So, which accent should you use? It depends on how you want to come across. Colonial is seen as coarser; it's associated with the dangers and excitement of a frontier life, and the more devil-may-care attitude common to its locals. Central Ranuir is more sedate and sophisticated, associated with firm respect for authority and master of the People’s intricate social rituals, though it can come across as out-of-touch or pretentious to some on the New Worlds. Cassil Tegvari, for instance, embraces her Colonial accent, while Lisuan Tegvari affects a Central accent with varying degrees of success — she’d get weird looks on Tel Casran, but at least she tried.


Chapter Vocabulary

le (v) to be in a state
me (v) to perform, exhibit, display (a trait, a quality)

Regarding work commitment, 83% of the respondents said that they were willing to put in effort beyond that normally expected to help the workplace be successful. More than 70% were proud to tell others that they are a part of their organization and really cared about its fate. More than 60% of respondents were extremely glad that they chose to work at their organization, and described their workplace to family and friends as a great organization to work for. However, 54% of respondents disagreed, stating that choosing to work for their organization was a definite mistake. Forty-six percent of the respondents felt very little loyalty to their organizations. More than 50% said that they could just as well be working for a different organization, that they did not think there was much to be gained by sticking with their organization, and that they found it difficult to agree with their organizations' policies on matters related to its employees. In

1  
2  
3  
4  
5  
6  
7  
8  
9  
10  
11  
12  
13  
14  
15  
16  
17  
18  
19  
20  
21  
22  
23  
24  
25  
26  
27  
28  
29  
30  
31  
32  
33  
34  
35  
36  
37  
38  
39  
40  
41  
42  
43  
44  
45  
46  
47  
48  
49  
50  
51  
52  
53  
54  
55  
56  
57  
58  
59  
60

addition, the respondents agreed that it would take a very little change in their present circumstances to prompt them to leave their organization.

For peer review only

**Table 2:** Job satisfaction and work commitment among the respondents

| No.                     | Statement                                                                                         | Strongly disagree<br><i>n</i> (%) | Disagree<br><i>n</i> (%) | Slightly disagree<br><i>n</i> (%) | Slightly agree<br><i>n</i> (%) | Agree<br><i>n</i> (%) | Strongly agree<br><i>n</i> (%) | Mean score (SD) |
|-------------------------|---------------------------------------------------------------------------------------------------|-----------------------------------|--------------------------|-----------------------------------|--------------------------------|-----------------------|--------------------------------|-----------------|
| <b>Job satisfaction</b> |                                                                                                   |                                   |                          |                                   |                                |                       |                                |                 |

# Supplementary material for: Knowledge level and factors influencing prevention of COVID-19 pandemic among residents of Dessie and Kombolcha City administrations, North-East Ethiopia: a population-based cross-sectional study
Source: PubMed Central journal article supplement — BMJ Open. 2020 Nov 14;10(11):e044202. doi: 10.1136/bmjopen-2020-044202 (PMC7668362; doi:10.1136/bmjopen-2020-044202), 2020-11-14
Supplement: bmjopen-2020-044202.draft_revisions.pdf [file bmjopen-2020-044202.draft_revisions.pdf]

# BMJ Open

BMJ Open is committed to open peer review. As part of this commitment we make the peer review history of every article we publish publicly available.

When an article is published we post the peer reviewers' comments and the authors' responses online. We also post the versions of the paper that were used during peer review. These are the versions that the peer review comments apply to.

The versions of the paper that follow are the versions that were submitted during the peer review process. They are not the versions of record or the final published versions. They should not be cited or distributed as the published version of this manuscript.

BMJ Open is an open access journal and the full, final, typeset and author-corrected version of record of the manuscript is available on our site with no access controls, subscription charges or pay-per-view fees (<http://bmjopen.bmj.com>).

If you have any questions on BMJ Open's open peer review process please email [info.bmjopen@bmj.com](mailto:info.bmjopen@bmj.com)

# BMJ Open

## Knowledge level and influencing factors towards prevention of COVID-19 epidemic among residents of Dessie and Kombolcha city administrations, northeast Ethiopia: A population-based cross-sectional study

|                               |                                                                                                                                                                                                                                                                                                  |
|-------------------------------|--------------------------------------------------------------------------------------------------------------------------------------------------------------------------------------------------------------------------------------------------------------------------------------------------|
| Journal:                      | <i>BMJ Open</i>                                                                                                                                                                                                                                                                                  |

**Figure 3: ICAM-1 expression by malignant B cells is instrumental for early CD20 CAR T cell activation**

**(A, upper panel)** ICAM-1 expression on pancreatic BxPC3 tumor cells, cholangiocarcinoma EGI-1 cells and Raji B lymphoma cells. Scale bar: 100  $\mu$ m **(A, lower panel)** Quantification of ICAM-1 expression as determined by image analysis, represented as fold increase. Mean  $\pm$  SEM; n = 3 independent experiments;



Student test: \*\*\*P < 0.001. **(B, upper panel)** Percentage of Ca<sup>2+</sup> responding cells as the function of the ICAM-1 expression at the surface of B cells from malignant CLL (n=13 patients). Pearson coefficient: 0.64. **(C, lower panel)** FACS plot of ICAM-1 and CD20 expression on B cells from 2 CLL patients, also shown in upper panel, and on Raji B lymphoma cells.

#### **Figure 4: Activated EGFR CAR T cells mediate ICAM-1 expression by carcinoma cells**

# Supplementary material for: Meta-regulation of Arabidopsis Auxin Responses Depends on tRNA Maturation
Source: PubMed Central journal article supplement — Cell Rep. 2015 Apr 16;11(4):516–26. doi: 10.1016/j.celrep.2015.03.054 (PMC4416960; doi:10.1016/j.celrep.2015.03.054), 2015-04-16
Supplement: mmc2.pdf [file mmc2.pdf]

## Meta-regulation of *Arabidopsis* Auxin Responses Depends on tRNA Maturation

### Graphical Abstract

sashe (v) to be located
assashe (v) to put, to move
ran (n) the Society as a nation, the People
uas (n) profligacy, lack of discipline, alienness
cas (n) hope
case (v) to hope
evcase (v) to demoralize, to drive to despair
sash (n) place
rantash (n) citizen of the Society
uastash (n) foreigner
sil (n) light
var (n) protection, subjugation*
vare (v) to protect, subjugate*
teg (n) mountain
iundure (v) to kill

*The metaphorical senses of var and related lexemes do not have a straightforward translation to English. Literally "shadow," var connotes much more than just "protection;" it's a form of relationship that could be characterized as "loving submission to loving authority." It implies that one party has earned the obedience of another, and that they use their authority in the best interest of the other. See vartash in the Glossary for an example.

Ranuir has free word order in matrix clauses. Subject-object-verb order is the most common, but any order is possible. Noun role is marked with cases.

The nominative case is unmarked, and codes the subject of the sentence. In English, the subject is typically the noun phrase that appears before the verb.